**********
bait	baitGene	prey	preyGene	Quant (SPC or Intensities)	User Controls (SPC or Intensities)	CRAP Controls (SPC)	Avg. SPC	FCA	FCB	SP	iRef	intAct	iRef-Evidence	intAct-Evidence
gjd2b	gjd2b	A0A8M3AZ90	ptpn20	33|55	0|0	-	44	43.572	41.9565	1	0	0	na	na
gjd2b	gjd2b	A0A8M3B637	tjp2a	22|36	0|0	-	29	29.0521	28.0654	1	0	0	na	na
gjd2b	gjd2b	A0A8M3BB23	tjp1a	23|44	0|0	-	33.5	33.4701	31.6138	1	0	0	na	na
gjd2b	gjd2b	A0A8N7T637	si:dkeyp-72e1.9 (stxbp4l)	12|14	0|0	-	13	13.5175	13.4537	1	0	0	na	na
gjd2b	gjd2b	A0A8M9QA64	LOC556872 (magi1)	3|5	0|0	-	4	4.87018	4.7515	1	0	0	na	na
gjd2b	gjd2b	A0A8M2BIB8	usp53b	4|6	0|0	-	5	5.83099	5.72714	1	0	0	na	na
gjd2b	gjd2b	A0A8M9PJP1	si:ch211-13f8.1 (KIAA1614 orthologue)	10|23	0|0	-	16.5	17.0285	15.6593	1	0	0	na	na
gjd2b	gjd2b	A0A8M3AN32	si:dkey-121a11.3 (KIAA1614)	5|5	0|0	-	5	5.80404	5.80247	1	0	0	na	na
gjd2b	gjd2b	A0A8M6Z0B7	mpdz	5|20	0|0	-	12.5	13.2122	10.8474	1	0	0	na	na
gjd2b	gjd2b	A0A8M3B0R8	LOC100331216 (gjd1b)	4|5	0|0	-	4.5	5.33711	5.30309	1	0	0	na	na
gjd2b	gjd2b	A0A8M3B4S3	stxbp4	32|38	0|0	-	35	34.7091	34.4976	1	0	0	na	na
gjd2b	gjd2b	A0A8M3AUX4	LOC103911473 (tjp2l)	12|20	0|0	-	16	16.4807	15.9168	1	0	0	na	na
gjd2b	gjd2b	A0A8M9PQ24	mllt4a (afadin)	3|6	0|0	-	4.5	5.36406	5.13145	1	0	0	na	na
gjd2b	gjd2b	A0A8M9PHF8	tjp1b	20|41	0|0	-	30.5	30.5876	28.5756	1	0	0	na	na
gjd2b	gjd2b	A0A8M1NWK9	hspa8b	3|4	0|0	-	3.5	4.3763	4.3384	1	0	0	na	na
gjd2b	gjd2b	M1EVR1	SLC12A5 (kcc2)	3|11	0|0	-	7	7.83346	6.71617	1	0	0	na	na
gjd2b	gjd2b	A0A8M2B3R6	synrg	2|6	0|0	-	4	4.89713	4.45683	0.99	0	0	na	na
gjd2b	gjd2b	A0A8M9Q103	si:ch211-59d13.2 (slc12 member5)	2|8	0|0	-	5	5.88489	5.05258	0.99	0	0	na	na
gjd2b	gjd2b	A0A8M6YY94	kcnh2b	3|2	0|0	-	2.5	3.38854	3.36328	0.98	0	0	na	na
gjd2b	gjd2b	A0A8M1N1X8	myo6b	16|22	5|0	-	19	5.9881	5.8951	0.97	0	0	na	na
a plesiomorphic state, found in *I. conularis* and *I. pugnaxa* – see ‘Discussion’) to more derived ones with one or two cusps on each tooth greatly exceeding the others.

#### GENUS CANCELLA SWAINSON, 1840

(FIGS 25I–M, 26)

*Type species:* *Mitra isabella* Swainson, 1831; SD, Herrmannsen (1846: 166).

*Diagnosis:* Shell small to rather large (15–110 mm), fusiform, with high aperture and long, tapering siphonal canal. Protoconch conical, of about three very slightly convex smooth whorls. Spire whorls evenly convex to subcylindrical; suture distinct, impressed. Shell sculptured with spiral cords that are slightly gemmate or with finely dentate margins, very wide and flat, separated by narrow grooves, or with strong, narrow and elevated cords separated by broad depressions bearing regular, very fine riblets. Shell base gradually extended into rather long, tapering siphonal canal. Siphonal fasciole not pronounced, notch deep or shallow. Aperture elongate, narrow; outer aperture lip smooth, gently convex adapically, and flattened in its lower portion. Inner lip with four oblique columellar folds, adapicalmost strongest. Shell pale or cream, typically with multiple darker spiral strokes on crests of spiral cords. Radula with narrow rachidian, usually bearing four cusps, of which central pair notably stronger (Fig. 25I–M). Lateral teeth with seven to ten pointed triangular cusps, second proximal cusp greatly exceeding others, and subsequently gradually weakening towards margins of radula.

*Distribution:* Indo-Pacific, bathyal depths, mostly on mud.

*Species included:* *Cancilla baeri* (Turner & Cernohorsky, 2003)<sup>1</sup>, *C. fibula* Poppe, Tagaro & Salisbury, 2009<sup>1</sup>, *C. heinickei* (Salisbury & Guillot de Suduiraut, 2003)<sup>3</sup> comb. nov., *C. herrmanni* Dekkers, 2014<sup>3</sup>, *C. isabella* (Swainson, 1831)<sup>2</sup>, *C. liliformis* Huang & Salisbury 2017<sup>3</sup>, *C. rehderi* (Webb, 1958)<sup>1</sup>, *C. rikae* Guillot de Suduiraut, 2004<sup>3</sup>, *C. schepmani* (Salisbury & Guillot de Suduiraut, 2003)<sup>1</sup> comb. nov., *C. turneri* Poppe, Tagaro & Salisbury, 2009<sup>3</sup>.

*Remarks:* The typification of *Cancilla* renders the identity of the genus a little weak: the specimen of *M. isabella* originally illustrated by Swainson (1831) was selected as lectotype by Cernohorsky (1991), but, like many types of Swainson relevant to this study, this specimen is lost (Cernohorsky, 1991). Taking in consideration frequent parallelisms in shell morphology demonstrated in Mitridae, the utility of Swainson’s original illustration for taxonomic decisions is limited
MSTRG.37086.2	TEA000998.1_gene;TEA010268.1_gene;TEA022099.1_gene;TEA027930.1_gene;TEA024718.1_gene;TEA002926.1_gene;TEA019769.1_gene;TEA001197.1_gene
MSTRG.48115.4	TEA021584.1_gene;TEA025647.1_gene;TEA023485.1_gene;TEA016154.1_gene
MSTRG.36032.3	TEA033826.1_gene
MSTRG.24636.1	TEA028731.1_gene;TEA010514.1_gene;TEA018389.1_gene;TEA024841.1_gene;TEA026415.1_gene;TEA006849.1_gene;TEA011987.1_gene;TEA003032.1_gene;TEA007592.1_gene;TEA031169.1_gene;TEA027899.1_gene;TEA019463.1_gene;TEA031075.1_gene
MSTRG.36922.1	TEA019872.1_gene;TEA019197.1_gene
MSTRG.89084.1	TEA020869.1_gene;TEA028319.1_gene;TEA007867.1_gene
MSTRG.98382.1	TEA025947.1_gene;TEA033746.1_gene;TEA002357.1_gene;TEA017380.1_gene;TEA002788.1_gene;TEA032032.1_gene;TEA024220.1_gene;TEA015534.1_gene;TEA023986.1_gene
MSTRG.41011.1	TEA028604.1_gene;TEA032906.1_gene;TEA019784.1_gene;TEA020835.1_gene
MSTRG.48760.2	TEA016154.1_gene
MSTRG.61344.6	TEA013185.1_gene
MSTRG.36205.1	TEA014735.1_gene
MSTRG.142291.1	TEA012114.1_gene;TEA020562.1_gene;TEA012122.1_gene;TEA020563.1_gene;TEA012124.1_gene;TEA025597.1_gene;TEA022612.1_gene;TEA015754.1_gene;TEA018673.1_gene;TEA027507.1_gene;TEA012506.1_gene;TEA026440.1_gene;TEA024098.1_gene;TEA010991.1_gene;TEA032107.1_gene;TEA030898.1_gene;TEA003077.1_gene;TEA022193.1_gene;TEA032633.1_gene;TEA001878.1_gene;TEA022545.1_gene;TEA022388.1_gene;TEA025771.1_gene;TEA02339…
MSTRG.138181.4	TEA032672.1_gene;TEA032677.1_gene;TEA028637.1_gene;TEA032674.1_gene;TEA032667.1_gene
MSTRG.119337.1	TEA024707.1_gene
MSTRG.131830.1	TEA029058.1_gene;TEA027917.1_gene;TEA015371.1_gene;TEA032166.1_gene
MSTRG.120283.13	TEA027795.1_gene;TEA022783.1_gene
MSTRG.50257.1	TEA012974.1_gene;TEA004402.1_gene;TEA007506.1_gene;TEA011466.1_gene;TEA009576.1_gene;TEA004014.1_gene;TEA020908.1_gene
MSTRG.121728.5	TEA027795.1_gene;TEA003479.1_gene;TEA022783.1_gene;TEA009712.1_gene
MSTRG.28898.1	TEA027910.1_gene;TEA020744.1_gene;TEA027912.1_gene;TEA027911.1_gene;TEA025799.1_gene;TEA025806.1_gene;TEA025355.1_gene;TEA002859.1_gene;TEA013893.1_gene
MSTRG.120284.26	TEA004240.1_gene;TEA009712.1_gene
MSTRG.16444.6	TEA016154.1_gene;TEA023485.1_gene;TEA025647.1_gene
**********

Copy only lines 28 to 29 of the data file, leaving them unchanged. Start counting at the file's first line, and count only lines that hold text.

*Species included:* *Cancilla baeri* (Turner & Cernohorsky, 2003)<sup>1</sup>, *C. fibula* Poppe, Tagaro & Salisbury, 2009<sup>1</sup>, *C. heinickei* (Salisbury & Guillot de Suduiraut, 2003)<sup>3</sup> comb. nov., *C. herrmanni* Dekkers, 2014<sup>3</sup>, *C. isabella* (Swainson, 1831)<sup>2</sup>, *C. liliformis* Huang & Salisbury 2017<sup>3</sup>, *C. rehderi* (Webb, 1958)<sup>1</sup>, *C. rikae* Guillot de Suduiraut, 2004<sup>3</sup>, *C. schepmani* (Salisbury & Guillot de Suduiraut, 2003)<sup>1</sup> comb. nov., *C. turneri* Poppe, Tagaro & Salisbury, 2009<sup>3</sup>.

*Remarks:* The typification of *Cancilla* renders the identity of the genus a little weak: the specimen of *M. isabella* originally illustrated by Swainson (1831) was selected as lectotype by Cernohorsky (1991), but, like many types of Swainson relevant to this study, this specimen is lost (Cernohorsky, 1991). Taking in consideration frequent parallelisms in shell morphology demonstrated in Mitridae, the utility of Swainson’s original illustration for taxonomic decisions is limited